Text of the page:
Financial Management In Nonprofit Organizations

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Financial Management in Nonprofit Organizations

Financial Management in Nonprofit Organizations


Non-profit organizations are referred to as any entity that functions like a normal business but does not look for monetary or financial gain, instead these organizations work for the well being or welfare of the society. Examples are churches, community service organizations schools etc. Non profit organizations often provide goods and services to consumers while they pursue other rewards such as striving towards the welfare of the society by improving educational standards, seeing the sick become well, and helping those in need. Many are legally incorporated to take advantage of the unlimited life feature such as private welfare groups, adoption agencies, and youth or civic clubs. (Malcolm, 2004).

Organizations such as Hospitals, Fraternal Organizations, Civic Organizations, Universities and collages, Performing Arts Organizations, Labor Unions, Political Parties, Professional Associations, Other Cultural Institutions, Religious Organizations, Research and Scientific Organizations, Social and Country Clubs, Private Elementary and Secondary School, Zoological and Botanical Associations, Private and Community Foundations and Professional Unions.

According to IRS, Non-profit organizations are those entities that are eligible to generate revenues but are not allowed to disseminate their revenues or profits to those in control of the organizations. Another interesting feature of these non-profit organizations is that, in specific cases, they may not be required to pay state business income taxes or federal income taxes. This feature is the most differentiating factor between profit and non profit organizations. On the other hand, profit organizations are required to distribute their profits to partners or share holders (in case of public or private limited company) and are also required to pay both state business income taxes and federal income taxes. Moreover, non-profit (tax- exempt organizations) may also be free from other types of taxes such as sales tax, property tax, and use tax etc (Parker, 2003). In the following section, we will examine the contrasting features (such as sources of funds, use of debt, governance mechanism etc.) of both profit and non-profit organizations.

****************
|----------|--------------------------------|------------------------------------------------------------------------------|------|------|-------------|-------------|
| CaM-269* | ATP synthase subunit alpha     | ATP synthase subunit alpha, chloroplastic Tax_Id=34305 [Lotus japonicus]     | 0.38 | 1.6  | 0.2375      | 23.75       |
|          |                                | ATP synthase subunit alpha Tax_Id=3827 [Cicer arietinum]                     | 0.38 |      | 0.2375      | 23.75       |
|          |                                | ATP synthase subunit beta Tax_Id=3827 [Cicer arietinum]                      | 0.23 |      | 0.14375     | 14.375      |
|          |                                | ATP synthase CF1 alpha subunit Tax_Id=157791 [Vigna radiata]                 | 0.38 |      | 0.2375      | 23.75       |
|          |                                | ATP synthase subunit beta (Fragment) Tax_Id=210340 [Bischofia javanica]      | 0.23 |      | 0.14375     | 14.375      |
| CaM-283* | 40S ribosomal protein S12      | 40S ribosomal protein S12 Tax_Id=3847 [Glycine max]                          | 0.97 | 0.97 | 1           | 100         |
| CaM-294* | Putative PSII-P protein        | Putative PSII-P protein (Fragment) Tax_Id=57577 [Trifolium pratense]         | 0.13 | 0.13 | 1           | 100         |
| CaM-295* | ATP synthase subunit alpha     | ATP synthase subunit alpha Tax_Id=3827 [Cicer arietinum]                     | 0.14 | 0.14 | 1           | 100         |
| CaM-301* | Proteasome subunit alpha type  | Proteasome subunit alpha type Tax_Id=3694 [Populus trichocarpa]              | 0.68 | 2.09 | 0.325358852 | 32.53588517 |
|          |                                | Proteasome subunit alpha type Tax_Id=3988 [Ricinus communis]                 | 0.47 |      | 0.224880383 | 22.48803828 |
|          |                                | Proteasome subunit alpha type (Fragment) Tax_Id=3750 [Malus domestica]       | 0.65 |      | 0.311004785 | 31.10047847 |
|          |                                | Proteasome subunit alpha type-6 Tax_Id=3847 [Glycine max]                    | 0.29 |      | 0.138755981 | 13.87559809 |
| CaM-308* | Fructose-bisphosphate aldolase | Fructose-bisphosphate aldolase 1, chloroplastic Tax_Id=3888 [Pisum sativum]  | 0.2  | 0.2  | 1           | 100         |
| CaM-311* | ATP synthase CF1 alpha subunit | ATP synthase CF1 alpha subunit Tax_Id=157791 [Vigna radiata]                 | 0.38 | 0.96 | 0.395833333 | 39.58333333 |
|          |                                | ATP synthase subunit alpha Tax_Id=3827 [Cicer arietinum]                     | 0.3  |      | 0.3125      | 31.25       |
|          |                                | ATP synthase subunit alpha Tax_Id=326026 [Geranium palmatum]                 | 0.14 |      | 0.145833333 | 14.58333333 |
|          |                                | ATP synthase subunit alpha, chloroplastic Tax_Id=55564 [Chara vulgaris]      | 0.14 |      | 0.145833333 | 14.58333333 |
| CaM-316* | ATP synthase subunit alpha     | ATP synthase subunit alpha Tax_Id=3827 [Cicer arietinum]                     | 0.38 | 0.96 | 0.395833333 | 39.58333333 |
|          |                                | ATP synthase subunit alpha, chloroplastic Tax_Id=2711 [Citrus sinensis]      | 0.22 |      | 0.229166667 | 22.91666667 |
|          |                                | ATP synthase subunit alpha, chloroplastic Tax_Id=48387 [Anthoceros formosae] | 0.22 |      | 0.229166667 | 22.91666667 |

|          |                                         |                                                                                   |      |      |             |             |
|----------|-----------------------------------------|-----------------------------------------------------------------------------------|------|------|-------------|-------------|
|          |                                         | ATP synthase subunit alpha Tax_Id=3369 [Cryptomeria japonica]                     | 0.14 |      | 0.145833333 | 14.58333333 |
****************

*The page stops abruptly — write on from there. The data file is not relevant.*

Discussion & Analysis

Organizations are established either to earn a profit or to render services through welfare activities. The concerns established with the aims of earning profit are called trading or profit making organizations. Sole trading concerns, partnership firms and joint stock companies are examples of trading concerns. On the other hand, the concerns established with the aims of rendering services are called non- trading or non-profit making organizations. These organizations are created for the promotion of arts, culture, games and sports, fine arts, hospitals, schools etc. Different types of clubs, societies, hospitals, libraries, community based schools, missionary organizations; colleges etc. are examples of non-trading concerns (Zietlow, 2007).

Following are the features of non-profit organization:

The objective of non-trading concern is to provide services to its members or society or target groups.

Non-trading concern, basically, relies on donated money and fees received from the members.

Books of accounts are prepared and maintained to provide information regarding the receipt and utilization of the donated money.

Non-trading concern does not distribute the surplus money to its member ...
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